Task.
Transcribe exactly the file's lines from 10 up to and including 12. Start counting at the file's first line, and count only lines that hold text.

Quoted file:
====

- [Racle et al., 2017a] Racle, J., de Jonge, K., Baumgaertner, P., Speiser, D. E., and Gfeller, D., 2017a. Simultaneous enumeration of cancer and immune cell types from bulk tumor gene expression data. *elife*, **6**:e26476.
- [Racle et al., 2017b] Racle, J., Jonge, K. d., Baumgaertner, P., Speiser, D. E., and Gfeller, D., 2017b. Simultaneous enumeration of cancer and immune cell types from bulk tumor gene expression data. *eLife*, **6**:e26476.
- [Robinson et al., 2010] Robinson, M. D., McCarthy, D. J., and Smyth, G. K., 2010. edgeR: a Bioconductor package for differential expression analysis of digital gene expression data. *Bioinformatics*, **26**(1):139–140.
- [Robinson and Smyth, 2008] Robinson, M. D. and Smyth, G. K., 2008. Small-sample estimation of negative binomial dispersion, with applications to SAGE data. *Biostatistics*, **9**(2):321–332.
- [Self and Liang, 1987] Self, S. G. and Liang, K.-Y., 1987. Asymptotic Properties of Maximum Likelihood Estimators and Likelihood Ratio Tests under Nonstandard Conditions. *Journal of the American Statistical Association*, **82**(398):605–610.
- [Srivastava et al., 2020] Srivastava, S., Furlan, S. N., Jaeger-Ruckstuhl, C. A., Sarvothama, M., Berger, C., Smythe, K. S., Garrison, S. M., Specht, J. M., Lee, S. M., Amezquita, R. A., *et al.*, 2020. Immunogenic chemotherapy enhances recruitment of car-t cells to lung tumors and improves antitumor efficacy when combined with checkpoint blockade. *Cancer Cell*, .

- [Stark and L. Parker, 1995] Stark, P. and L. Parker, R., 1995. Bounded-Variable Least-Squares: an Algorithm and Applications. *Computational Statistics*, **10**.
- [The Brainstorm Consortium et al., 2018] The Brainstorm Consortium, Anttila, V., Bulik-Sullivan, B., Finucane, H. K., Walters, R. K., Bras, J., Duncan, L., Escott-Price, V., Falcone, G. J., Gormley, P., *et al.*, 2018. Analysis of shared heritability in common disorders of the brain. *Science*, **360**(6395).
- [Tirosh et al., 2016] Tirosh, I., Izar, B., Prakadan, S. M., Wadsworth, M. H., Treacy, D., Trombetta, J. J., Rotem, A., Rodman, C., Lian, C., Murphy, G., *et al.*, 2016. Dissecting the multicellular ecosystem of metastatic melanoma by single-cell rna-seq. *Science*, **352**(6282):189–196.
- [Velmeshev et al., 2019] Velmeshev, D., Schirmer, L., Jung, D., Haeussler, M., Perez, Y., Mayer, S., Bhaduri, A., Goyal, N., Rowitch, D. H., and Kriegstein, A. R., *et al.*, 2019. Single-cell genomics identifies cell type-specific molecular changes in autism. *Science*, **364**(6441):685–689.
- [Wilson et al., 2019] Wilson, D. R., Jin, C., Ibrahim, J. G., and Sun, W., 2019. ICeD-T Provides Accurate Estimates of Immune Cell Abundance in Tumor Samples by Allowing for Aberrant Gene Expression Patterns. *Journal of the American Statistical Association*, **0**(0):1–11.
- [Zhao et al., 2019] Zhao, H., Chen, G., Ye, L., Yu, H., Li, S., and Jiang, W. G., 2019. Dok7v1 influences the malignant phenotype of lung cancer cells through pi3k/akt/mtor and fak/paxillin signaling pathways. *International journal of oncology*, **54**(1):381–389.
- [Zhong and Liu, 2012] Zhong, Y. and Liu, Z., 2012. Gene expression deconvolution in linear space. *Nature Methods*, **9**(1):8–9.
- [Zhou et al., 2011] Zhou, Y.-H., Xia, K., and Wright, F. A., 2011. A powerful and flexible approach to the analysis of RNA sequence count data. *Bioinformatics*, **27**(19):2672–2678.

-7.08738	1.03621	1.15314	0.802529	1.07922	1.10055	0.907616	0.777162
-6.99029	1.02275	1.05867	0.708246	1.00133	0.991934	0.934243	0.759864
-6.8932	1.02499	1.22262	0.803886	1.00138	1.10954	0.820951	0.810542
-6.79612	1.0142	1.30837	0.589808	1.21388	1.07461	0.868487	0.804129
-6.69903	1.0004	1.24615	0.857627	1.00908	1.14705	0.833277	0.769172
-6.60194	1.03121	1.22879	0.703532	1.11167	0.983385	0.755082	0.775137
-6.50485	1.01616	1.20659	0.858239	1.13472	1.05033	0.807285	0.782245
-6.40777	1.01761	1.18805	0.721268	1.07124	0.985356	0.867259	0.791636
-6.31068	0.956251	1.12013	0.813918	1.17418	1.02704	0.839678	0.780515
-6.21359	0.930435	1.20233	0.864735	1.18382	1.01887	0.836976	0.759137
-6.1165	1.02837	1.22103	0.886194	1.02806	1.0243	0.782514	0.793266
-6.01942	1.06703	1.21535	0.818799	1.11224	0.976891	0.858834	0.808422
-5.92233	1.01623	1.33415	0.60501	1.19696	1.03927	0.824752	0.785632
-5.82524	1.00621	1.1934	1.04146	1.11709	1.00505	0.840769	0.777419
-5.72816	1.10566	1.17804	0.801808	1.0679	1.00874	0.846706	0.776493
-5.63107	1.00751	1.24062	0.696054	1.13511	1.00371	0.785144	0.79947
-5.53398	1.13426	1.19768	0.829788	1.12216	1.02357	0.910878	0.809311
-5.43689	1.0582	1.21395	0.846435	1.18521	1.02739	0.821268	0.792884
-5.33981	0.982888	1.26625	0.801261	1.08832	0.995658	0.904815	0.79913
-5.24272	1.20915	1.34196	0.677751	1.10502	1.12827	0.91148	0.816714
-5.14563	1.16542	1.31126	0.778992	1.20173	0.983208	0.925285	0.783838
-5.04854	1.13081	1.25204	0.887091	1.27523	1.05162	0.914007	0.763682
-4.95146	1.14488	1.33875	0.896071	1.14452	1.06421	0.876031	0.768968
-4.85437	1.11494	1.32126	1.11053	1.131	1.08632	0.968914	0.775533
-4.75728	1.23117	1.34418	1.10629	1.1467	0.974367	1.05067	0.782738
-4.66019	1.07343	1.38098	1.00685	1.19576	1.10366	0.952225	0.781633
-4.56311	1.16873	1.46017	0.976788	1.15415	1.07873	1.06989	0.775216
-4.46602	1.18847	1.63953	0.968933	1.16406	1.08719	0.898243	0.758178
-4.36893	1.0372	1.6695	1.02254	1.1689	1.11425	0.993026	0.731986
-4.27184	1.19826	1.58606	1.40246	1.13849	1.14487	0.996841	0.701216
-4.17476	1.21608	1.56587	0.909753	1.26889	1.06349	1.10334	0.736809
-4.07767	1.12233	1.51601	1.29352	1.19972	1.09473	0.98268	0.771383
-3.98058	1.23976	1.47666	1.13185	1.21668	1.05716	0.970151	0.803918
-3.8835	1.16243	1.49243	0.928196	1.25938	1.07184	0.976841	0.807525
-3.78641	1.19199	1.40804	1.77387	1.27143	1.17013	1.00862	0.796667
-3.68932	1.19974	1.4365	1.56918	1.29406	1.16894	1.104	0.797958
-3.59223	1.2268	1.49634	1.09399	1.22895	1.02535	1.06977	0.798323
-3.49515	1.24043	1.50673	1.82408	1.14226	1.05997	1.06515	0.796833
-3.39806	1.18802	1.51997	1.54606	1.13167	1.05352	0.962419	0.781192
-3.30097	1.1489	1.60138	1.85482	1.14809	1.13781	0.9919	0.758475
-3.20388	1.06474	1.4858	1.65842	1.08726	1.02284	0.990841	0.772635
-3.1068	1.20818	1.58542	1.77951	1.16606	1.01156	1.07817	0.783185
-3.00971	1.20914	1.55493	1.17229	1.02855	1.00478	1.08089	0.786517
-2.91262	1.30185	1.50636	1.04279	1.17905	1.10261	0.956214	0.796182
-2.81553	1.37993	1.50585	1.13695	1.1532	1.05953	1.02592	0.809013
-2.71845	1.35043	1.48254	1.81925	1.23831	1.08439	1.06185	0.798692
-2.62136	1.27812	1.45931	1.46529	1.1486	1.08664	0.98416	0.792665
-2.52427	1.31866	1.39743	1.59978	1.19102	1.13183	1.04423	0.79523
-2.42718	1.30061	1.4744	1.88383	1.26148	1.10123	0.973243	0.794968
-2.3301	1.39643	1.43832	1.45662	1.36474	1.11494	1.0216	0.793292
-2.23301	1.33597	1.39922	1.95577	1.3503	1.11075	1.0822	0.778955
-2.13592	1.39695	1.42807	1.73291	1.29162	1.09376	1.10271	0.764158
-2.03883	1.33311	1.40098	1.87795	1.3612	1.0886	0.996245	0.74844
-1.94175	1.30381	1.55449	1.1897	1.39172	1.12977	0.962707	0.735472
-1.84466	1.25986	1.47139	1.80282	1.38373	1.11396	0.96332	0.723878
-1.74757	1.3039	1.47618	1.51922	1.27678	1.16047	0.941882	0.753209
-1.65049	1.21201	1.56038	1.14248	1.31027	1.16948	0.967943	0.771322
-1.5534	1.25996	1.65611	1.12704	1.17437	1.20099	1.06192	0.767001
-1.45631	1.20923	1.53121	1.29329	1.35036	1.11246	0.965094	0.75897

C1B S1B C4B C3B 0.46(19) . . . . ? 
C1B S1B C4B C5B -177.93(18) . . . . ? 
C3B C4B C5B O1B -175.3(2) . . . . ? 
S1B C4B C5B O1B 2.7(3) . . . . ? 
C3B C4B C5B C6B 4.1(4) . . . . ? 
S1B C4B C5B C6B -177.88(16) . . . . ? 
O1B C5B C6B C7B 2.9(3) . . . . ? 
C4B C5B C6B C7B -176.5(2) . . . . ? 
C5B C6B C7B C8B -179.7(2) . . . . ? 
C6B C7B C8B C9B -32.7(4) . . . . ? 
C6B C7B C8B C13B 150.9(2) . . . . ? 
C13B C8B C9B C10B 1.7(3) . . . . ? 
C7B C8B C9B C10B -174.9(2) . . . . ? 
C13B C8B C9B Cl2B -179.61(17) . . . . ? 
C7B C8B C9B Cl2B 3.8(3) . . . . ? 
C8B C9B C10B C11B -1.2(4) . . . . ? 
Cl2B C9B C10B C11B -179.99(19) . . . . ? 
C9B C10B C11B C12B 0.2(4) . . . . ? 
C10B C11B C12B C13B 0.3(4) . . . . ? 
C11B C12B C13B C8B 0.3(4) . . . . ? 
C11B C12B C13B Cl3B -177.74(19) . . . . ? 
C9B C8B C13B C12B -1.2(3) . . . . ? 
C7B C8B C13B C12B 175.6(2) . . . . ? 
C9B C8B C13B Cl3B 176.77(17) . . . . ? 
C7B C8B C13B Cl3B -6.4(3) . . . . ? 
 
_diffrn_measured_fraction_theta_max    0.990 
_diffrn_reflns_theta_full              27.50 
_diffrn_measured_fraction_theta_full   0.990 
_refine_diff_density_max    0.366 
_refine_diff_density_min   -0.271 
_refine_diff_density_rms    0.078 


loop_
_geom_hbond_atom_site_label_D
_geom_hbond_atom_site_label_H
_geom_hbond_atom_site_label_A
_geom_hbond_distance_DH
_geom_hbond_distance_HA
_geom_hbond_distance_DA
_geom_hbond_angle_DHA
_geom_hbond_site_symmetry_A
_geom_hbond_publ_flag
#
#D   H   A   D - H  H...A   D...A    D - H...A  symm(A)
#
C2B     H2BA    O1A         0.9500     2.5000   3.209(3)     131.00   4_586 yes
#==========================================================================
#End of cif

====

- [Velmeshev et al., 2019] Velmeshev, D., Schirmer, L., Jung, D., Haeussler, M., Perez, Y., Mayer, S., Bhaduri, A., Goyal, N., Rowitch, D. H., and Kriegstein, A. R., *et al.*, 2019. Single-cell genomics identifies cell type-specific molecular changes in autism. *Science*, **364**(6441):685–689.
- [Wilson et al., 2019] Wilson, D. R., Jin, C., Ibrahim, J. G., and Sun, W., 2019. ICeD-T Provides Accurate Estimates of Immune Cell Abundance in Tumor Samples by Allowing for Aberrant Gene Expression Patterns. *Journal of the American Statistical Association*, **0**(0):1–11.
- [Zhao et al., 2019] Zhao, H., Chen, G., Ye, L., Yu, H., Li, S., and Jiang, W. G., 2019. Dok7v1 influences the malignant phenotype of lung cancer cells through pi3k/akt/mtor and fak/paxillin signaling pathways. *International journal of oncology*, **54**(1):381–389.